Note: I decided that I wouldn’t get points for agencies on their home turf.  This eliminated the Vancouver Police Department. The home team did almost all the policing outside the Olympic venues. Honourable mention to the Vancouver Traffic Authority, a branch of VPD which had a lot of traffic to direct in downtown Vancouver. It also eliminated the British Columbia RCMP. The Royal Canadian Mounted Police (RCMP) serves as BC’s provincial police force, so they have jurisdiction everywhere except in cities with their own police force.  I also didn’t count the  Transit Police I met on Skytrain. I almost counted the Delta Police who searched my airplane at Boundary Bay Airport, until I remembered that the airport is actually in Delta.

  • British Columbia Sheriff: one of my first catches. I had seen the occasional B.C. Sheriff car around, but I didn’t really understand who they are until I got a chance to talk to one of their constables. When the five-ring circus isn’t in town, they guard prisons and do prisoner transport. Although the B.C. Sheriff constables are sworn police officers in a provincial police department, they aren’t the “B.C. Provincial Police”. Patrolling and crime investigation in B.C. belong to the RCMP.
  • New Westminster Police: I guess the local towns had to chip in a few people for Olympic venues.
  • Saanich Police: from the municipality of Saanich, just to the north of Victoria, on Vancouver Island.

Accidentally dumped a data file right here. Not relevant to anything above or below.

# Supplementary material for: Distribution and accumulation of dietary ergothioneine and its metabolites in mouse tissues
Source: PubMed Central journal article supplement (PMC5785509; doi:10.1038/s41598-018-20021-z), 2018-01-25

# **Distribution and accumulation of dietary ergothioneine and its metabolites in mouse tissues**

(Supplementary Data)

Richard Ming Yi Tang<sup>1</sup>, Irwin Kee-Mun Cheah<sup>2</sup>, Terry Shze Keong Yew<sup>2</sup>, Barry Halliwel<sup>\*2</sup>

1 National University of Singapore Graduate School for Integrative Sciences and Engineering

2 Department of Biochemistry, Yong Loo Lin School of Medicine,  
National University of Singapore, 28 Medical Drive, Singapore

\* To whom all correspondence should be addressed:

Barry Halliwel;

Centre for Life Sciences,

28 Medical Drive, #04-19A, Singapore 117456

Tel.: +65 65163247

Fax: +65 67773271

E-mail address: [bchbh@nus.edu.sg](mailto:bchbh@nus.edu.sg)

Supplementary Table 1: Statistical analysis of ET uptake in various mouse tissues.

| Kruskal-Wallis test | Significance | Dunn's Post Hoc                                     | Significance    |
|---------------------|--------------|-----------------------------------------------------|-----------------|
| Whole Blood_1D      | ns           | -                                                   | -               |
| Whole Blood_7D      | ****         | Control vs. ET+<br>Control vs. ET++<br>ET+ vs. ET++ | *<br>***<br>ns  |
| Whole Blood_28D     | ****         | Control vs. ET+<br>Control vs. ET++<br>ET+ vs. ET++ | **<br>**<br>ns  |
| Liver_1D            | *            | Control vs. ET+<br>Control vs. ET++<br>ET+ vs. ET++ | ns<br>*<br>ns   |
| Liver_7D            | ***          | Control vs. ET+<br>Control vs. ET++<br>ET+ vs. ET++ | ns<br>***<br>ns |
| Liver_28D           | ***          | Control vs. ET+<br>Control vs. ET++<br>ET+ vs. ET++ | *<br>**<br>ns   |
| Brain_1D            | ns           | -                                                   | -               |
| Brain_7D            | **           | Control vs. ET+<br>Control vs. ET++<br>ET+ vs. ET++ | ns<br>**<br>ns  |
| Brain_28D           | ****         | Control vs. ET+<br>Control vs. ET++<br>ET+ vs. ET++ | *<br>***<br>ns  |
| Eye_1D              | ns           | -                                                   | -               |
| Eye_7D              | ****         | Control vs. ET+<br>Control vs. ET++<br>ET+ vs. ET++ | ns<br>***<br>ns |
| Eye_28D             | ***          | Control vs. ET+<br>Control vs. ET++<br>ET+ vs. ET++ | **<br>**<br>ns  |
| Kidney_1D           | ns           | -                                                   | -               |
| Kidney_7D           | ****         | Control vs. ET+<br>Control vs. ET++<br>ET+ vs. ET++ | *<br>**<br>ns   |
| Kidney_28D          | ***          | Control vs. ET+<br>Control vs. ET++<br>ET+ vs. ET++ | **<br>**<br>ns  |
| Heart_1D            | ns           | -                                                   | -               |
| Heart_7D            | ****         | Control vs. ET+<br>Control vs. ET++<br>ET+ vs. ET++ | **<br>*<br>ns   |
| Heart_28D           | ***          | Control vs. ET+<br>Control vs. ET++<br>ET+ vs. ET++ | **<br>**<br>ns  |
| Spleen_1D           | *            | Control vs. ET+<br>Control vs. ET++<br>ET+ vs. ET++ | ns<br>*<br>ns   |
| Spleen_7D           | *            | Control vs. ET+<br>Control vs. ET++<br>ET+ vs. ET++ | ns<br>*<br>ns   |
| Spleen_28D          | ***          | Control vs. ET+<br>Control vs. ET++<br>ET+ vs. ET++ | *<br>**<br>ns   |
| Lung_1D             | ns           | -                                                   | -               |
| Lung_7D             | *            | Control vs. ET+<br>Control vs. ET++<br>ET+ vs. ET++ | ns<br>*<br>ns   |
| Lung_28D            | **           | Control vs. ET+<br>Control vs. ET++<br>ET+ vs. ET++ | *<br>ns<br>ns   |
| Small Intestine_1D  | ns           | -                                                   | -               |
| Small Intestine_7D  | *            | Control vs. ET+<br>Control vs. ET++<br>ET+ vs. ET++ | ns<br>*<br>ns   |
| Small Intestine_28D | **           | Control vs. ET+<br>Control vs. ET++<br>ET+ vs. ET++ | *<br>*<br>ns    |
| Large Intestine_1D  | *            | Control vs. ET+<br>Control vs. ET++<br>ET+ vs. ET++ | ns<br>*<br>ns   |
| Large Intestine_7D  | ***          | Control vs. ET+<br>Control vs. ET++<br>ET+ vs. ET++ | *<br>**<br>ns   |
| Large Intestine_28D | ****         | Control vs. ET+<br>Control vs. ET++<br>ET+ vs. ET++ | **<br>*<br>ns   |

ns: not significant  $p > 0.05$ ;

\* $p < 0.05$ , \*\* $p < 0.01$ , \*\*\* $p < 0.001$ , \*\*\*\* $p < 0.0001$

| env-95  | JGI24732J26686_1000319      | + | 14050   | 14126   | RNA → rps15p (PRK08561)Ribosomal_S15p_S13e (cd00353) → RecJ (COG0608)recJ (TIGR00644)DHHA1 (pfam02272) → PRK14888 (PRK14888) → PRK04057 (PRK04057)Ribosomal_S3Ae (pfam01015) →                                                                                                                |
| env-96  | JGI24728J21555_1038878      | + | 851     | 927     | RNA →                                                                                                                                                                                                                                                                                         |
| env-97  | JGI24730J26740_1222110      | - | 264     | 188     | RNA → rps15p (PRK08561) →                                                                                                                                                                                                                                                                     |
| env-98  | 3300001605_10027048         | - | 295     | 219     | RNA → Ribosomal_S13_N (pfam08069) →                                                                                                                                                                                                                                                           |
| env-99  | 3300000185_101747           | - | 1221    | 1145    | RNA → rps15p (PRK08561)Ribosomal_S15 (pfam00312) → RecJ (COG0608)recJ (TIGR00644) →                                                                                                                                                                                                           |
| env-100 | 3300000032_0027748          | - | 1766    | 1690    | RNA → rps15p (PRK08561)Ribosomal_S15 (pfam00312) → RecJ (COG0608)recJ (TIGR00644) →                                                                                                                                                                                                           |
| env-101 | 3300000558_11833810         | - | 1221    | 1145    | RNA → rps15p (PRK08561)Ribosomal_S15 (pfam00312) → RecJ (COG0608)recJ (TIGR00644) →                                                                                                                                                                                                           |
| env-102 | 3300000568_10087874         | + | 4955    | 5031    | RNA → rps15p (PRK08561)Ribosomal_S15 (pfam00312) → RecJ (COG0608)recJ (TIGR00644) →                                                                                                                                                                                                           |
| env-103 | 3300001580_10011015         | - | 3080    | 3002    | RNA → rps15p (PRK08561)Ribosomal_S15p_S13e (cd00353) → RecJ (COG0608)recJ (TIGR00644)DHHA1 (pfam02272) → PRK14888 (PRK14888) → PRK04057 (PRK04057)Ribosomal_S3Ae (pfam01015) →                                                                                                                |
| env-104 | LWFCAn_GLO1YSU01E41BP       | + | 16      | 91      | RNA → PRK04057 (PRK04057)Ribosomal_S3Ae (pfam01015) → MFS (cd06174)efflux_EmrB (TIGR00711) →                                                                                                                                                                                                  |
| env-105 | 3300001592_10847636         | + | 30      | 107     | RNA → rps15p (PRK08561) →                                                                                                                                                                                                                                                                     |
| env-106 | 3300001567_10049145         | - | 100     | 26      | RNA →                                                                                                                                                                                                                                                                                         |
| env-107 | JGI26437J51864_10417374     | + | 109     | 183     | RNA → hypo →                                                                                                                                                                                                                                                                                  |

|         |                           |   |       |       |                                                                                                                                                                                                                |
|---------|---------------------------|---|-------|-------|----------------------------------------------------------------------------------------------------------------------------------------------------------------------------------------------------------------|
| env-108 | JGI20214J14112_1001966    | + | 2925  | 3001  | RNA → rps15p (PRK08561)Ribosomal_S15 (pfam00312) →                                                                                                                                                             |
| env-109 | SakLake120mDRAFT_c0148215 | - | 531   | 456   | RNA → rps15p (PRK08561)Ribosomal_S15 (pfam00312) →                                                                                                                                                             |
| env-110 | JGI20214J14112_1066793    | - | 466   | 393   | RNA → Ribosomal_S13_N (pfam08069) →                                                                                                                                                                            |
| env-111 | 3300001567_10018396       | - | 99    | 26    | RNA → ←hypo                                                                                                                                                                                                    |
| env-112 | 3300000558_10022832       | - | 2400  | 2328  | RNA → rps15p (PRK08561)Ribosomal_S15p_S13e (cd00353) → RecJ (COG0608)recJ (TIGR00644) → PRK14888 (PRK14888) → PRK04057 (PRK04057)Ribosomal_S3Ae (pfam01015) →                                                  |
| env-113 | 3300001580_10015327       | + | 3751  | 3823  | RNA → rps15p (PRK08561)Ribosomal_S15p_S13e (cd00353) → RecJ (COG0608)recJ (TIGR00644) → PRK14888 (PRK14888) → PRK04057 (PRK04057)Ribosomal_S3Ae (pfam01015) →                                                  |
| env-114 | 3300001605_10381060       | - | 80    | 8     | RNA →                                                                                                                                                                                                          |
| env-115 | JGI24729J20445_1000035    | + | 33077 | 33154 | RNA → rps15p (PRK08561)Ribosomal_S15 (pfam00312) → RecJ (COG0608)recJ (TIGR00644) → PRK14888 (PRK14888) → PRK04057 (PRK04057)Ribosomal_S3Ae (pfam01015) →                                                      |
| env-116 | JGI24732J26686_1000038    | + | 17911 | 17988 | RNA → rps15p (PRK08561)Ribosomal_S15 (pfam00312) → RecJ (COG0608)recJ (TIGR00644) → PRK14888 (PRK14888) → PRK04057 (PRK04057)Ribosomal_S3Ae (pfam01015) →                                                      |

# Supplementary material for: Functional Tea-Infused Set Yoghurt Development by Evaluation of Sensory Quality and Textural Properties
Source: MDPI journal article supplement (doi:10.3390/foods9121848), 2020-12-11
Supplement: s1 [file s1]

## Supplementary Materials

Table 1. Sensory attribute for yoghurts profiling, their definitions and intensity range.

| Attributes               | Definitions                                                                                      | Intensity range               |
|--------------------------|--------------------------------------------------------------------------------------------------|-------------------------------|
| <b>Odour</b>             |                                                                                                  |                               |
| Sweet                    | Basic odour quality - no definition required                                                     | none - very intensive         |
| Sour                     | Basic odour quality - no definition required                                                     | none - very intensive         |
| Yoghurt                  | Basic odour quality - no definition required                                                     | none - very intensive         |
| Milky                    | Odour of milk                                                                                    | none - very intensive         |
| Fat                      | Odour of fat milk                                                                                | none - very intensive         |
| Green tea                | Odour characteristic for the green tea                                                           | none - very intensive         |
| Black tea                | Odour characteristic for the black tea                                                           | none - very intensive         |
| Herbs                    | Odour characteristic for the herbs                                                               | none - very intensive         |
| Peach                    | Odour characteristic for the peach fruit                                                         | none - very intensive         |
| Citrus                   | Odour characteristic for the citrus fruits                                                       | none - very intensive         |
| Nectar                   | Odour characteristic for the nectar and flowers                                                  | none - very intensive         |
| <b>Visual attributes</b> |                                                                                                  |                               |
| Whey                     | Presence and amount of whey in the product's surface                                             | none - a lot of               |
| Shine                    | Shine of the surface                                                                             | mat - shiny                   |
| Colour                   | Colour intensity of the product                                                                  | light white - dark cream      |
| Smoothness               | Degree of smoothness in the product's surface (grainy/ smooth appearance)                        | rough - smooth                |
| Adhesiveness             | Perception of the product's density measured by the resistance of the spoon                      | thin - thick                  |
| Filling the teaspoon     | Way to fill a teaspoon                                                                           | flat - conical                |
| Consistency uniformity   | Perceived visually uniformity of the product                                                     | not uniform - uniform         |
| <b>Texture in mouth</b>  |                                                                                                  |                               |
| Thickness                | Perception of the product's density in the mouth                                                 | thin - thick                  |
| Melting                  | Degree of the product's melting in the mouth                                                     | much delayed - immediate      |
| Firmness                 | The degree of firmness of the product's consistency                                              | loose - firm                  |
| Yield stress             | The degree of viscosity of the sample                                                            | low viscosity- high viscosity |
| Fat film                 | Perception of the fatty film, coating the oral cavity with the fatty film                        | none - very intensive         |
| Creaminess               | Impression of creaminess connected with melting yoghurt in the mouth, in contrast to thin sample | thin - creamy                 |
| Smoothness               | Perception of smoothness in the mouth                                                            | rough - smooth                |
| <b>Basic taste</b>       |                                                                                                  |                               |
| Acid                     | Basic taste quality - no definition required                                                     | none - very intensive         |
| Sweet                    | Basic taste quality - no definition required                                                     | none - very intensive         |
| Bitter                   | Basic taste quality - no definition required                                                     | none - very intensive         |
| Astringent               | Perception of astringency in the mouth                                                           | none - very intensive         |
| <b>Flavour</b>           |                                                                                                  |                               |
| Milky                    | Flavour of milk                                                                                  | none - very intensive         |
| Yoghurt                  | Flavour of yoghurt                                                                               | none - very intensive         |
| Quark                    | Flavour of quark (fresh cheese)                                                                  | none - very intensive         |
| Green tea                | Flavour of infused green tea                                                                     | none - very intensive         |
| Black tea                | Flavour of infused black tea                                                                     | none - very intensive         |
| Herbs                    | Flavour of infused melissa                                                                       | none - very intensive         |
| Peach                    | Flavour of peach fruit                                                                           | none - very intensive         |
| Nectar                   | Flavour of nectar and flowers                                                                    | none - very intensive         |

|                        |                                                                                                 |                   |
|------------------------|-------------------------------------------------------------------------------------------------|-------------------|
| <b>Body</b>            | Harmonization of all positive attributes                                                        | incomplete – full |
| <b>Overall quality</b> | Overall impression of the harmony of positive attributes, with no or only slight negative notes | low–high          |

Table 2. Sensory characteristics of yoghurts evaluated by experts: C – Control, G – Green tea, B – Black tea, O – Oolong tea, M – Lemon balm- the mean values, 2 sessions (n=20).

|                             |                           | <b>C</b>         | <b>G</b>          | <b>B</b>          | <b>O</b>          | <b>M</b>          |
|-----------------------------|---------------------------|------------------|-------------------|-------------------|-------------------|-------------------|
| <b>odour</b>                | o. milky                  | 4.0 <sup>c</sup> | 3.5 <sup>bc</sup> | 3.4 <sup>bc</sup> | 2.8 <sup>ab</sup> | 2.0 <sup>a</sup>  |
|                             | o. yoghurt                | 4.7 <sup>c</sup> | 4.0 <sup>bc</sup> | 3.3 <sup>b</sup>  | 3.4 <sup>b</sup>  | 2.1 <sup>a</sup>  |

• Central Saanich Police: from the Saanich Peninsula, between Victoria and Sydney, on Vancouver Island. Not to be confused with the Municipality of Saanich.
  • North Vancouver Police: fairly local, being just on the far side of the Burrard Inlet and part of Metro Vancouver. But they were just out of their jurisdiction, so they counted.
  • Squamish Nation Peace Keepers stickerSquamish Nation Peace Keepers: their constable was a charming elder fellow at the Four Host First Nations pavilion. Peace Keepers are an intermediate level between private security and police, he explained. He had a sticker to give us, which was enough to make his agency count.


  • Alberta RCMP: A lot of these folks about, since it was a relatively short commute for them.
  • Edmonton Police shoulder flashEdmonton Police: They were nice enough to give me a shoulder flash.